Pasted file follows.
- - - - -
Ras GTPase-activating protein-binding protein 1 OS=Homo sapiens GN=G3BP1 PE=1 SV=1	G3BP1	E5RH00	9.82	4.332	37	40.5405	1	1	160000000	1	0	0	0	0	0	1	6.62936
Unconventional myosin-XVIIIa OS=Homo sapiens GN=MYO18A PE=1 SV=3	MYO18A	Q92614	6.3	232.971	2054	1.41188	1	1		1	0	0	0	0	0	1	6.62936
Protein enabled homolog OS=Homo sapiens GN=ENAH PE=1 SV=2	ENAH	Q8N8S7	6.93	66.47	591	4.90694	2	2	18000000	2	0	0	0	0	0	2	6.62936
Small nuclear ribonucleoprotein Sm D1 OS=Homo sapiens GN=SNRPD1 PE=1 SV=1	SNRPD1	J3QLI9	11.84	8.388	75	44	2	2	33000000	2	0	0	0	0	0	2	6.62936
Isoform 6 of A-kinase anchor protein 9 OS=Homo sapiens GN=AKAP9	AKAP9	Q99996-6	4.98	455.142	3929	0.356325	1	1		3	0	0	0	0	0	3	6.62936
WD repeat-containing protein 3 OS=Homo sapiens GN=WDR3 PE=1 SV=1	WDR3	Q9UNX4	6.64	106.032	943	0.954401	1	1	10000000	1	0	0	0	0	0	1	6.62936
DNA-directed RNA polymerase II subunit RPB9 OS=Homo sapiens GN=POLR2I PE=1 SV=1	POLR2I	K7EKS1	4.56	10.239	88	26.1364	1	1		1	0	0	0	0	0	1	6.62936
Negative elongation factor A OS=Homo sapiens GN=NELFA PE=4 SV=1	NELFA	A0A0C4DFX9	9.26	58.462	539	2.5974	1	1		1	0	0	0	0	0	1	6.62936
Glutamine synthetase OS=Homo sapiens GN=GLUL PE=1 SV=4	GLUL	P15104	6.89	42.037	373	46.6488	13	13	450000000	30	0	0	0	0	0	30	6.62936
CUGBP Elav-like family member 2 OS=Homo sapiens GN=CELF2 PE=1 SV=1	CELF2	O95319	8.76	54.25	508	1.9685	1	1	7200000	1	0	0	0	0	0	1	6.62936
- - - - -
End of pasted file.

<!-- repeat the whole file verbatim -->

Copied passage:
Ras GTPase-activating protein-binding protein 1 OS=Homo sapiens GN=G3BP1 PE=1 SV=1	G3BP1	E5RH00	9.82	4.332	37	40.5405	1	1	160000000	1	0	0	0	0	0	1	6.62936
Unconventional myosin-XVIIIa OS=Homo sapiens GN=MYO18A PE=1 SV=3	MYO18A	Q92614	6.3	232.971	2054	1.41188	1	1		1	0	0	0	0	0	1	6.62936
Protein enabled homolog OS=Homo sapiens GN=ENAH PE=1 SV=2	ENAH	Q8N8S7	6.93	66.47	591	4.90694	2	2	18000000	2	0	0	0	0	0	2	6.62936
Small nuclear ribonucleoprotein Sm D1 OS=Homo sapiens GN=SNRPD1 PE=1 SV=1	SNRPD1	J3QLI9	11.84	8.388	75	44	2	2	33000000	2	0	0	0	0	0	2	6.62936
Isoform 6 of A-kinase anchor protein 9 OS=Homo sapiens GN=AKAP9	AKAP9	Q99996-6	4.98	455.142	3929	0.356325	1	1		3	0	0	0	0	0	3	6.62936
WD repeat-containing protein 3 OS=Homo sapiens GN=WDR3 PE=1 SV=1	WDR3	Q9UNX4	6.64	106.032	943	0.954401	1	1	10000000	1	0	0	0	0	0	1	6.62936
DNA-directed RNA polymerase II subunit RPB9 OS=Homo sapiens GN=POLR2I PE=1 SV=1	POLR2I	K7EKS1	4.56	10.239	88	26.1364	1	1		1	0	0	0	0	0	1	6.62936
Negative elongation factor A OS=Homo sapiens GN=NELFA PE=4 SV=1	NELFA	A0A0C4DFX9	9.26	58.462	539	2.5974	1	1		1	0	0	0	0	0	1	6.62936
Glutamine synthetase OS=Homo sapiens GN=GLUL PE=1 SV=4	GLUL	P15104	6.89	42.037	373	46.6488	13	13	450000000	30	0	0	0	0	0	30	6.62936
CUGBP Elav-like family member 2 OS=Homo sapiens GN=CELF2 PE=1 SV=1	CELF2	O95319	8.76	54.25	508	1.9685	1	1	7200000	1	0	0	0	0	0	1	6.62936